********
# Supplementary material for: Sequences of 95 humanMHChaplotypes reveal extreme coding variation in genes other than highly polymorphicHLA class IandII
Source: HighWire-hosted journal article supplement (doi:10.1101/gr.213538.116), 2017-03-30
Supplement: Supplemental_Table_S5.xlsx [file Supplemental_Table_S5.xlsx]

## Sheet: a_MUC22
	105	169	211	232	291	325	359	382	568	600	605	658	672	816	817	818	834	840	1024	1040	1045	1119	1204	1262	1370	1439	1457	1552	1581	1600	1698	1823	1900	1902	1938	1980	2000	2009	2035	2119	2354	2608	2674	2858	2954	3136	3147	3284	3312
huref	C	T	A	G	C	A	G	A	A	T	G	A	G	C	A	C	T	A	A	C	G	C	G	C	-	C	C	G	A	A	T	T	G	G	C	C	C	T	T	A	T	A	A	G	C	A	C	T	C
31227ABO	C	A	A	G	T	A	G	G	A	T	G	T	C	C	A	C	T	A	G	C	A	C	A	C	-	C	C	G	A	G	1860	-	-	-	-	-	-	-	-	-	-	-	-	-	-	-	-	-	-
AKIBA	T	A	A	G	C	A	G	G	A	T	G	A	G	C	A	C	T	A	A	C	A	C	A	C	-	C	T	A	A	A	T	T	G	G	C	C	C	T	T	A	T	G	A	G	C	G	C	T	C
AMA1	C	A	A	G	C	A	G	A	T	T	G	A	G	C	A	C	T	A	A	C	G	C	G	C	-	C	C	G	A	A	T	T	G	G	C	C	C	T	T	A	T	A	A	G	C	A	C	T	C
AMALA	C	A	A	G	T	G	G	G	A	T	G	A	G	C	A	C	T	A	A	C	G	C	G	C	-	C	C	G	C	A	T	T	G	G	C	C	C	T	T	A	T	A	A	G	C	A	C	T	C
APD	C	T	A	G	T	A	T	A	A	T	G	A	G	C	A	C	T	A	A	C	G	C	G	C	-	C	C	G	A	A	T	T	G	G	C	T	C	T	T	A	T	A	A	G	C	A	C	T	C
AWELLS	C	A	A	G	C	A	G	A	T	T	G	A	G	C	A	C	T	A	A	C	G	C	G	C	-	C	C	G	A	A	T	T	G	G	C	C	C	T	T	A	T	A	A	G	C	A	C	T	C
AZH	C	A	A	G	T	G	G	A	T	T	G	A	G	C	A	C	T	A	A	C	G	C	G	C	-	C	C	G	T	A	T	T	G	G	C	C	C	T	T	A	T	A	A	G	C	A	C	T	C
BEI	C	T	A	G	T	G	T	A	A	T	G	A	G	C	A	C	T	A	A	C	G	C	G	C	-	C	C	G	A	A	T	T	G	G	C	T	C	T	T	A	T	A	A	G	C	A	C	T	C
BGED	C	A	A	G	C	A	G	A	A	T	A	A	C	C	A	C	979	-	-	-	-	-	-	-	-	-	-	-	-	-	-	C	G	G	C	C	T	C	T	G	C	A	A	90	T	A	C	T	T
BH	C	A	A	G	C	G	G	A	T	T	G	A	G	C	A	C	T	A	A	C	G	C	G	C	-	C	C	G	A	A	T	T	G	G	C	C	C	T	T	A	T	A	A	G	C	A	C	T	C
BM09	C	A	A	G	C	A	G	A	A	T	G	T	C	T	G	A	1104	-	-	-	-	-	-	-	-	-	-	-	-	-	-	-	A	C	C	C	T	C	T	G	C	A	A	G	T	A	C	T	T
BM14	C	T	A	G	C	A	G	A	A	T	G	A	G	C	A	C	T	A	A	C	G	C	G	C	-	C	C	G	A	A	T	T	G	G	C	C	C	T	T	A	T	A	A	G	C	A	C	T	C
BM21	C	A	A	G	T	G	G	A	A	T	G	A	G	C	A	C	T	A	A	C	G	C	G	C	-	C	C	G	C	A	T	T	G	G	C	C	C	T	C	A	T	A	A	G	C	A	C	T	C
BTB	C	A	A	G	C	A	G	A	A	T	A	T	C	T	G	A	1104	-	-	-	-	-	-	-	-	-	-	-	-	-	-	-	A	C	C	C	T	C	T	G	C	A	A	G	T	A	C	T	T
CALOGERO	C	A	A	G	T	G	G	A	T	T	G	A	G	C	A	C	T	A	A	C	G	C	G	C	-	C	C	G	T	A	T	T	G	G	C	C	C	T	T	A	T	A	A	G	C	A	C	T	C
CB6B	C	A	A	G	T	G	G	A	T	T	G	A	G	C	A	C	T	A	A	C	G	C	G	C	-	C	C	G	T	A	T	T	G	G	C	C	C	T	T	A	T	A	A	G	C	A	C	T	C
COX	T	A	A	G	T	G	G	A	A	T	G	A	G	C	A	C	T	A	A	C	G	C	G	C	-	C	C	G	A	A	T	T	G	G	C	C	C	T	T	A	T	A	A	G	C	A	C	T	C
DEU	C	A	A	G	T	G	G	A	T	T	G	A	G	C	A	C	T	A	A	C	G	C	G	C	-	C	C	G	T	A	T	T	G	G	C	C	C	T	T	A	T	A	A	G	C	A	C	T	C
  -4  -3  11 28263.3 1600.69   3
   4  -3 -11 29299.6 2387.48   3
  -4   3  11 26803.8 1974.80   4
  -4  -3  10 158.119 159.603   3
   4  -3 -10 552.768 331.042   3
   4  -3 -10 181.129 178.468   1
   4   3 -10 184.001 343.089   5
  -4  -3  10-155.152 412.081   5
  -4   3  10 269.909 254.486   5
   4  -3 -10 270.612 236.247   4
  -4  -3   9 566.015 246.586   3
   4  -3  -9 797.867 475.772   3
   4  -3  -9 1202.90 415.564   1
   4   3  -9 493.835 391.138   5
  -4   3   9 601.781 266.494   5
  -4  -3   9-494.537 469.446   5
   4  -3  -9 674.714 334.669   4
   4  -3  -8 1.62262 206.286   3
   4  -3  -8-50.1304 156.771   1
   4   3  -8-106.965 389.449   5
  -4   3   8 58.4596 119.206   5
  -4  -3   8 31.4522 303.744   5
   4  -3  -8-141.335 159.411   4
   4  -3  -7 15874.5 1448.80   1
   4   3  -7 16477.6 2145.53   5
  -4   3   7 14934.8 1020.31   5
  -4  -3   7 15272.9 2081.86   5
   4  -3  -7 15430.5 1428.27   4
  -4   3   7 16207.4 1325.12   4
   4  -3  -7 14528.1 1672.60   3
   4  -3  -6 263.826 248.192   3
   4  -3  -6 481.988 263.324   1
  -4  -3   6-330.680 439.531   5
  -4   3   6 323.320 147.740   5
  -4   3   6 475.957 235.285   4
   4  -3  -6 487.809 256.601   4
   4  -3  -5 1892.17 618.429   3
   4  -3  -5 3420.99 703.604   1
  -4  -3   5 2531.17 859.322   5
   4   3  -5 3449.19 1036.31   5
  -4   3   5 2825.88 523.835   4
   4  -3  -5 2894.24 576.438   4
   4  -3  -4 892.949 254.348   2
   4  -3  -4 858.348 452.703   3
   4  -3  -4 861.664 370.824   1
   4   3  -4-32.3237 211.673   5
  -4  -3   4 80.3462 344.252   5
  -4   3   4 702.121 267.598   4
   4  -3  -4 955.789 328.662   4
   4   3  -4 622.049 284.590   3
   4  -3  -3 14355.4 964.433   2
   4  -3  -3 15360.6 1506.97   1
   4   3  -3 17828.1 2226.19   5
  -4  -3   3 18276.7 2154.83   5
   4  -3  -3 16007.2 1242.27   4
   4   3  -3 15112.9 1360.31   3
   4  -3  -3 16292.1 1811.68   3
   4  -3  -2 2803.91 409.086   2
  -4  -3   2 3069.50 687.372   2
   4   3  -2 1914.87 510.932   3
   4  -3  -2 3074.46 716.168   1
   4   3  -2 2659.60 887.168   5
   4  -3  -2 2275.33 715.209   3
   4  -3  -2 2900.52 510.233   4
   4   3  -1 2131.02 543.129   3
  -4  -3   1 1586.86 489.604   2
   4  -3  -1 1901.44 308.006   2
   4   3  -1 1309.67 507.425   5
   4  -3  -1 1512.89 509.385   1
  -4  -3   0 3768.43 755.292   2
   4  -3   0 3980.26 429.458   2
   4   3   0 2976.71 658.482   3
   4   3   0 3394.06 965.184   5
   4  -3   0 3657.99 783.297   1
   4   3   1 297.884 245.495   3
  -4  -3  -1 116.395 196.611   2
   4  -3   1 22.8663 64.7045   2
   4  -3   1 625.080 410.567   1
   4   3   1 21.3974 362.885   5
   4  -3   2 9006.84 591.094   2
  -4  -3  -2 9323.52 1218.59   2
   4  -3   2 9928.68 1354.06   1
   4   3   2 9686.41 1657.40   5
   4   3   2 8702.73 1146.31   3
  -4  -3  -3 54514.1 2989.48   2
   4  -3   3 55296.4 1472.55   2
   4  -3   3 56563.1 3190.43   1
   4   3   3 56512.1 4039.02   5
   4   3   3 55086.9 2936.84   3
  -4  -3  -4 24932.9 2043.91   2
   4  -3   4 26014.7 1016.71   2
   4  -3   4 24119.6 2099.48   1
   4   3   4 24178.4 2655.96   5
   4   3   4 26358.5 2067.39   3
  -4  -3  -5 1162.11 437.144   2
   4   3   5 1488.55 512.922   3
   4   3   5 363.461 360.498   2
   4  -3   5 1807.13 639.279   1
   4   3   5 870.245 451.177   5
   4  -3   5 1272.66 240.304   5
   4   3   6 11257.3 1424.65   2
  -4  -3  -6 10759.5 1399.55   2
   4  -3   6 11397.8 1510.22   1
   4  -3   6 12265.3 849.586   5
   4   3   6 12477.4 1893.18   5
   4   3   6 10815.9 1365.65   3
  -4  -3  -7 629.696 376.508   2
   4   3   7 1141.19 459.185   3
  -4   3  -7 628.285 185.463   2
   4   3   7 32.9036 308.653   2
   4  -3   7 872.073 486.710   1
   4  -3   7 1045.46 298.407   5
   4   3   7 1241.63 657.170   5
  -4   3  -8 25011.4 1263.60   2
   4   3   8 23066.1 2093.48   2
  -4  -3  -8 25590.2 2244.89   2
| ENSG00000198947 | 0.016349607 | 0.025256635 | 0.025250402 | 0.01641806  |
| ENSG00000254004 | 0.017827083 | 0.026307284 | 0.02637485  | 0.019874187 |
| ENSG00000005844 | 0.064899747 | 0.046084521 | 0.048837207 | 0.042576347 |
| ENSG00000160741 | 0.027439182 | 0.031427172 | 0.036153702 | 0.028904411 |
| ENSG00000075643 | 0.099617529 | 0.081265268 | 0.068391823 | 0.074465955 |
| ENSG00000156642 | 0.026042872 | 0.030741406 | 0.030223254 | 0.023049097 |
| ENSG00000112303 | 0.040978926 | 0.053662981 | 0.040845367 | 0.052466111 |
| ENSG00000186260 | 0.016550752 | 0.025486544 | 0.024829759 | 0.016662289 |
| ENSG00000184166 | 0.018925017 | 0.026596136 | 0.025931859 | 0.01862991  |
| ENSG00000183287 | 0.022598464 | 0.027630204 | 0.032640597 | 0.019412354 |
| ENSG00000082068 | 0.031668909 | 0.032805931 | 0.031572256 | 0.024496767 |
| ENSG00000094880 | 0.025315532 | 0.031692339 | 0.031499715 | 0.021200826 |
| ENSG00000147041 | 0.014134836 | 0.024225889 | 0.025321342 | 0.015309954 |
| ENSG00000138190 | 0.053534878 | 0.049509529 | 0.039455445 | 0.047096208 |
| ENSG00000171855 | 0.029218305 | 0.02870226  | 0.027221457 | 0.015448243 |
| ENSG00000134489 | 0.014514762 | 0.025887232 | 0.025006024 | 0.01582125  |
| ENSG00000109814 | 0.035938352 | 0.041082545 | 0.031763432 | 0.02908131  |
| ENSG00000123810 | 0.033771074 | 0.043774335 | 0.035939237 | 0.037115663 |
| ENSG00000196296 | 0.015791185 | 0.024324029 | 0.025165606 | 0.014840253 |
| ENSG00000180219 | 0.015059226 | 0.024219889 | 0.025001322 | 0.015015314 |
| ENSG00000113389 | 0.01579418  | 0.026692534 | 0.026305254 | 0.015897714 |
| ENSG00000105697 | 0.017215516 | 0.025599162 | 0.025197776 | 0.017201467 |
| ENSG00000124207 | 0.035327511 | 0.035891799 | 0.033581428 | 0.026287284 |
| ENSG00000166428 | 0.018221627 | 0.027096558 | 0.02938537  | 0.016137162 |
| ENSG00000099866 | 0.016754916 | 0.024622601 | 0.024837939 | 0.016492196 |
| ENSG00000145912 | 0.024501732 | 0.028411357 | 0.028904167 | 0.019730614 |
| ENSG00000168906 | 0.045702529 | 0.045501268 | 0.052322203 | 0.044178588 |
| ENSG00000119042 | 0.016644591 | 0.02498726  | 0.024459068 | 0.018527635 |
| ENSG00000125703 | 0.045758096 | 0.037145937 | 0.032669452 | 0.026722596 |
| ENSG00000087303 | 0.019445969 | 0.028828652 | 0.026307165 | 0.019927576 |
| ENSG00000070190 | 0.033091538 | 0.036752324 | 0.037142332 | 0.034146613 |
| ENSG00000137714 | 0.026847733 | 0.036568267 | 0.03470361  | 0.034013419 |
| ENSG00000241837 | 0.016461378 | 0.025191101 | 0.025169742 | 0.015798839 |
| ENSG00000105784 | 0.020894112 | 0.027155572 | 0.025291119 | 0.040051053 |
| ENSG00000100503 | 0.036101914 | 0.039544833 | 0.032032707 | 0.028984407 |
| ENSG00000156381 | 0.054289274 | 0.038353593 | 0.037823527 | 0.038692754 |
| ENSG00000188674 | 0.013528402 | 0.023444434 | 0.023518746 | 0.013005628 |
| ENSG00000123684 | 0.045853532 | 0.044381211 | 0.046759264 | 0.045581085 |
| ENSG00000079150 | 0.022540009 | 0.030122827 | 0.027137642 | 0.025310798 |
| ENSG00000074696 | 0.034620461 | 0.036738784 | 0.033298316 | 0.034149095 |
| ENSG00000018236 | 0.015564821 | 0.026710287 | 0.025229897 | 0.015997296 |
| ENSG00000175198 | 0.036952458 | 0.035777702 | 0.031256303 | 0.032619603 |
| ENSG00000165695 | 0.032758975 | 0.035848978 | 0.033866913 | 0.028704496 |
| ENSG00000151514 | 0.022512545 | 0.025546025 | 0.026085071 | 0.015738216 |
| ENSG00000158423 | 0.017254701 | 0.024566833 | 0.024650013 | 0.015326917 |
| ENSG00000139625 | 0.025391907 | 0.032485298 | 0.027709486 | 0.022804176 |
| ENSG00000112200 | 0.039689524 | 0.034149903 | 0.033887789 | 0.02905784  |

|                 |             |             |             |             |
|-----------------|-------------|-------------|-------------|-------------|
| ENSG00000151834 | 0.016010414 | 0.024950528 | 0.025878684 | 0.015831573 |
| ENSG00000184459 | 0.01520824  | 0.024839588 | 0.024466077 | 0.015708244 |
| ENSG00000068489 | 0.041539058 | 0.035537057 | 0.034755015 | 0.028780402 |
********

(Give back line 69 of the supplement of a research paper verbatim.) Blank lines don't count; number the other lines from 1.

   4  -3  -4 861.664 370.824   1